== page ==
April 2, 2021

Atlantic City, New Jersey 

A fist that appeared to be a plump ham grabbed my collar and stopped me where I stood. I looked up to see a face that matched the hand: a round, pink one without a single hair, a grimace, and a nose that looked remarkably like a snout. 

“You lost?” the bouncer growled while tuxedos and evening gowns filed past him and his leather jacket-bound front door enforcers. 

I opened my mouth to explain, but a yelp was all I could manage as the razor sharp high heel of a woman wearing a sparkling red gown gouged my foot. 

She stumbled, snapped her head around to snort her disapproval, her nostrils flared and furious, and went on her way, into the entrance alongside a distinguished silver-haired man with an unlit cigar dangling from his lips. Behind them were two men: one wearing diamond-encrusted sunglasses, the other using a flaming fifty dollar bill to light a comically oversized cigar. All I could think was that if he was really a high roller — the kind that come to this place on a Friday night — he would’ve lit that thing with a Franklin.

“I’m with them,” I told the bouncer. There was nothing I could do about the quiver in my voice. “Over there.”

The hefty bald man followed my pointing finger and saw the group of five bedraggled men and women, dressed as nicely as they could be and still looking like slobs. 

“If you’re with the content generators,” the bouncer said, shoving me toward the group, “then stay with the content generators.”

I slumped back to what would’ve been called the press pool, back in what seems like a generation ago. We’re now known as a content generating grouping. CGG for short. Waves of newsroom arrests three years prior had brought reforms to the journalism industry. I got into the content generation industry shortly after the Newsroom Shock campaign of ’17.

“CGG folks, this way,” shouted the old lady who served as our guide for the night. The lady, Margaret, took a drag of her cigarette and motioned for us to enter. And in we went, heads down as we passed the extraordinarily rich guests, who stopped and stared at our scuffed up shoes and oversized button-down shirts. 

The Trump Prison Tower and Casino was practically buzzing. 

The din of excited chatter was close to deafening in the enormous structure that had been erected in the final months of President Trump’s first term in the White House, when temples to American excess began sprouting up from coast to coast. The federal government subsidized the massive undertaking in hopes that these odes to merciless toughness and unconstrained frivolity would spark an economy that had plunged into a veritable black hole. 

The president had shuttered the prison in Guantanamo Bay, riling Republicans who called for his impeachment. The party’s outrage ceased when President Trump unveiled plans for fourteen Trump Prison Tower and Casinos to be built across the country as a sort of public works project that would not create new roads and bridges and infrastructure, but playgrounds for the ultra wealthy. The towers would house the Guantanamo Bay detainees, along with hundreds of suspected terrorists held in secret prisons the world over.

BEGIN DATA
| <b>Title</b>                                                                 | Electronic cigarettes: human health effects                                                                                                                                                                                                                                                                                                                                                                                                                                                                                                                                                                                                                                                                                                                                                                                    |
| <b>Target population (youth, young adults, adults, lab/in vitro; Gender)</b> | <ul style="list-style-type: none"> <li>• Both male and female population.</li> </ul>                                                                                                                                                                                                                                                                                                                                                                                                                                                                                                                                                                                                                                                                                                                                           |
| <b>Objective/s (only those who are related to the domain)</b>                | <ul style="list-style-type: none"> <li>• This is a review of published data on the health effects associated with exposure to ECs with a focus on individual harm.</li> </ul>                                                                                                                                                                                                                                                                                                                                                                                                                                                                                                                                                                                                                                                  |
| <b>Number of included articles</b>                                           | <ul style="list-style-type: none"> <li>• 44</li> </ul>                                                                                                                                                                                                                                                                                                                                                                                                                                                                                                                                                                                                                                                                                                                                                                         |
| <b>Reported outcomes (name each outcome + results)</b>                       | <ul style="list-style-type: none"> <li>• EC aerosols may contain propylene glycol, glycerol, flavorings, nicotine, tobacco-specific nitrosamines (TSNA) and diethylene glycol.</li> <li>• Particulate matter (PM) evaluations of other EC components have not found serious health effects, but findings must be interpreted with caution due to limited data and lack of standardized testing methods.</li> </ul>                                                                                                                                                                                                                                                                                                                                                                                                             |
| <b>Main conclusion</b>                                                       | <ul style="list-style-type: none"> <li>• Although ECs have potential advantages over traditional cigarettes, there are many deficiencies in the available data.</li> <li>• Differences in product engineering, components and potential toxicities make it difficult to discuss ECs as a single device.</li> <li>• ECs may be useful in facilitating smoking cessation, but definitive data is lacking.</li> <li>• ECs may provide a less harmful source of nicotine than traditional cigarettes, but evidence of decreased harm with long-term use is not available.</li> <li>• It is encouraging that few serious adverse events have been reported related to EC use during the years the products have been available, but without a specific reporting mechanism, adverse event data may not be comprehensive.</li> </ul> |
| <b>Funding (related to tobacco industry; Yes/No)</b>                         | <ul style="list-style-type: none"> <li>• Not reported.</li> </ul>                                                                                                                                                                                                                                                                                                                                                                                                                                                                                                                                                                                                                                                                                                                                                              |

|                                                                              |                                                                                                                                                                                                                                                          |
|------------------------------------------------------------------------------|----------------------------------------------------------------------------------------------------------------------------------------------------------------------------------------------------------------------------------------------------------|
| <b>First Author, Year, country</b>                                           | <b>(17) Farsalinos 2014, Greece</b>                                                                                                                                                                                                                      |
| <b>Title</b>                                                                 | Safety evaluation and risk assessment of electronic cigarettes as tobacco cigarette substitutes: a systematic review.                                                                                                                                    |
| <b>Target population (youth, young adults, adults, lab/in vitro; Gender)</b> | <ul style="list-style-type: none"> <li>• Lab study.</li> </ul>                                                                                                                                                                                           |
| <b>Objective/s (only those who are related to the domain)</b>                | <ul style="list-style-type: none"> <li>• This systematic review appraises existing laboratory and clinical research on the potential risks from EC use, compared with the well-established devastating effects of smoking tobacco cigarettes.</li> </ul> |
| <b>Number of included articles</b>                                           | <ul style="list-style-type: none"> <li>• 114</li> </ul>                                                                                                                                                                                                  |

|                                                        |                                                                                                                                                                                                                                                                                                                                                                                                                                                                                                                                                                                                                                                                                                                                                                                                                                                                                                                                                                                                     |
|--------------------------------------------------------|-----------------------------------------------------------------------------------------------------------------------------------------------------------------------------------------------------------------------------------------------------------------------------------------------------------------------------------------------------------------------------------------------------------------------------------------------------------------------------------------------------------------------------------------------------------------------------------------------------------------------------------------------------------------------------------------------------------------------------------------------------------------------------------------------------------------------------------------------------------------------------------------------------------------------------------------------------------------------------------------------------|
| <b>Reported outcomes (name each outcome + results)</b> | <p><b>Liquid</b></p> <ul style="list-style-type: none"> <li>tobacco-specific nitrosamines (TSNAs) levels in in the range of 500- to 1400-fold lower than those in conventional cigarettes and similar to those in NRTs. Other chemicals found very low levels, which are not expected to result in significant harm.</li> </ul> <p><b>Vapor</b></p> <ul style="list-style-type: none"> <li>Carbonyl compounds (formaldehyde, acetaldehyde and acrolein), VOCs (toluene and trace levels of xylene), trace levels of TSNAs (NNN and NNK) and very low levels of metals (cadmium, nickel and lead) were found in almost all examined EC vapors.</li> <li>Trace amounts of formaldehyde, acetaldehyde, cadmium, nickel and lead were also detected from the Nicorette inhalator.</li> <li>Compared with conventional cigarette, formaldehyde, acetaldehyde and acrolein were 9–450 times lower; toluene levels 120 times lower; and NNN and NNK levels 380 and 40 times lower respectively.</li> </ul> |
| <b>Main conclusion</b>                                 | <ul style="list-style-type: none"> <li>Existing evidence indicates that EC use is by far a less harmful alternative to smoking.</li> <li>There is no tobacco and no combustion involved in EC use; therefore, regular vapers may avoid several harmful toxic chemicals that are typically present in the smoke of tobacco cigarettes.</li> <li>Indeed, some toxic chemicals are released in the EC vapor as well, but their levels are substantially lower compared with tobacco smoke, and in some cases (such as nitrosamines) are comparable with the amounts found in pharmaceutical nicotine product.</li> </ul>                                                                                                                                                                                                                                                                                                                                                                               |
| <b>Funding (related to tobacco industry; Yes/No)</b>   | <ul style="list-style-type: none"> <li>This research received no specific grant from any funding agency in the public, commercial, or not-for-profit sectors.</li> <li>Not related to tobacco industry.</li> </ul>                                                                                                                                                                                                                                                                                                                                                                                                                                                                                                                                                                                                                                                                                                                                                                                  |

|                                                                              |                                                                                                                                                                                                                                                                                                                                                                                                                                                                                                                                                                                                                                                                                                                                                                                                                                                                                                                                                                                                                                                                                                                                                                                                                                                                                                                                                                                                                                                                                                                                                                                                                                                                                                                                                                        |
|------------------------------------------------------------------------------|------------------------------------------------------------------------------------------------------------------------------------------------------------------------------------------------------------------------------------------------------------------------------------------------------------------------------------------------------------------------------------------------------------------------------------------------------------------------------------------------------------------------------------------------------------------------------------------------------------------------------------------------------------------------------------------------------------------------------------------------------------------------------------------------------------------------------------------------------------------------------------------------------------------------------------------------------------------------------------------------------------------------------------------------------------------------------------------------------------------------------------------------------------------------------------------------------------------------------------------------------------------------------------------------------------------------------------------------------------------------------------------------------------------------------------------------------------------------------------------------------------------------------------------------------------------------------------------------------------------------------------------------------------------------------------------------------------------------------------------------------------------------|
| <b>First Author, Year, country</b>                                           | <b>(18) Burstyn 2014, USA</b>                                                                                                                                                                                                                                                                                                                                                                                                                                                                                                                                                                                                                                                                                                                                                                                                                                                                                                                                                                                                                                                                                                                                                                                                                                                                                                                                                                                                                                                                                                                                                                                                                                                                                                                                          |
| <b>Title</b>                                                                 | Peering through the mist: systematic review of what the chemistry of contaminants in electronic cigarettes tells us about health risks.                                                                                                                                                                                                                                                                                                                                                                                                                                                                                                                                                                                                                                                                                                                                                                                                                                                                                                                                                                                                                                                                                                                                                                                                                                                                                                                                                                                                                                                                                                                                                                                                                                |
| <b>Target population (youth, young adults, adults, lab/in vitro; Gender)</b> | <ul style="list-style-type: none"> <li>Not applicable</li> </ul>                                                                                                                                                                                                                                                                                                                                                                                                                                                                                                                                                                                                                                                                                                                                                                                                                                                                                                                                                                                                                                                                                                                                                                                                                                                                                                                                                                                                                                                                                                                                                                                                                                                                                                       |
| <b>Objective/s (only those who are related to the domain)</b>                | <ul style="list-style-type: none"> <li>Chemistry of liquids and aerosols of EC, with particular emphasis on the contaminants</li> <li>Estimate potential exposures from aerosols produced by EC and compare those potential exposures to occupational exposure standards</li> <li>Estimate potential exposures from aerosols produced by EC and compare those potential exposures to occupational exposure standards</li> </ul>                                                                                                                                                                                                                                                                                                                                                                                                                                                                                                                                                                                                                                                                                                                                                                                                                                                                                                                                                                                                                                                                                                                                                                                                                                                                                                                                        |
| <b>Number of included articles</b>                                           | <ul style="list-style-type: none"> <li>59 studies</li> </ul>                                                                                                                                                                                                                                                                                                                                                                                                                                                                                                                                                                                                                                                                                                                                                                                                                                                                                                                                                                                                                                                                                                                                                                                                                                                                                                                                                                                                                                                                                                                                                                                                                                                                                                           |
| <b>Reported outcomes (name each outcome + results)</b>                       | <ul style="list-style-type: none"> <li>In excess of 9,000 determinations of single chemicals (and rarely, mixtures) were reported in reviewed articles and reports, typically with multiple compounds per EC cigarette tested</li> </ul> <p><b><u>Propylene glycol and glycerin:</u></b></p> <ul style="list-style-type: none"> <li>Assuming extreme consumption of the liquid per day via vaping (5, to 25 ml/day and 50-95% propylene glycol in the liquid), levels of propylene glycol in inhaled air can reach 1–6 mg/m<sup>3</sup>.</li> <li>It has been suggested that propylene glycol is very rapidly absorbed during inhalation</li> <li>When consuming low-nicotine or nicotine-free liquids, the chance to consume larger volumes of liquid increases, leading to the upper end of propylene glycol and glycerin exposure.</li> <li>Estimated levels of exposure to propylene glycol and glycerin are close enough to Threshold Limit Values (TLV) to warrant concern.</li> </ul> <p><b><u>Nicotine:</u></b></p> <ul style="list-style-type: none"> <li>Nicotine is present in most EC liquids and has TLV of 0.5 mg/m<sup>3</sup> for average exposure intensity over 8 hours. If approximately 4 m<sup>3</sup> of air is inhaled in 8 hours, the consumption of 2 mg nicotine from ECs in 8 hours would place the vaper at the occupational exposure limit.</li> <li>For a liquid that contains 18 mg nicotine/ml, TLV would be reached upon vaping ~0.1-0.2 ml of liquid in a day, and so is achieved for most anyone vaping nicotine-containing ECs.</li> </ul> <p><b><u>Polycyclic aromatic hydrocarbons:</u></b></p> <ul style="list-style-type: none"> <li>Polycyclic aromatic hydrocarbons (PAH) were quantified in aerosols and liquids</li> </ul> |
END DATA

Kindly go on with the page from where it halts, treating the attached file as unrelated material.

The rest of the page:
“It will be the greatest, most important undertaking in this nation’s history,” the president said from the Oval Office, which now had sparkling gold walls. “We will show our enemies that we win, win, win — not just on the battlefield, but at the craps table too.”

The first spectacle my content generating grouping saw was a children’s play zone, where parents would leave their spawn before engaging in the decidedly adult activities on the tower’s top floor. There were a few dozen kids, all wearing virtual reality helmets, sleek and silver, as they kicked and punched and pointed their hands here and there in the shape of a gun. The expansive room was otherwise empty, with padded floors on which kids occasionally dived and rolled. 

A content generator asked our tour guide, Margaret, exactly what we were witnessing when a roar came from a bar area across the marble floor. It was what became known as a Fantasy Bar, where people came to play fantasy sports in real time. Bar goers stared into holographic TVs and screamed at baseball games as they unfolded. One emaciated young guy with a mop of black hair sat, hunched over at the end of the bar, and wept amid the holographic players running to and fro.

Margaret cleared her throat. “These children are engaging in the latest in video game technology,” she declared in her raspy voice. “What they’re playing now is a new release in the emerging field of civics education technology — a way to experience civic engagement firsthand.”

I asked Margaret why this brood of children was kicking and punching the air in front of them. 

“Because they’re experiencing the 2017 Detroit riots,” Margaret said with a smile. “Their mission is to vanquish the terrorists who refused to work.”

“You mean the protesters at the work camps,” I said. 

“American employment stations.”

“Right.”

Off we went, up a steep escalator into the glow of the tower’s top floor, where legendary debauchery supposedly unfolded. Tales of orgies and open air drug markets and mob hits and men wrestling bears and lions were told everywhere in the years after the president built his towers. This Atlantic City location was supposed to be the most debauched — a place that would make Caligula call for order.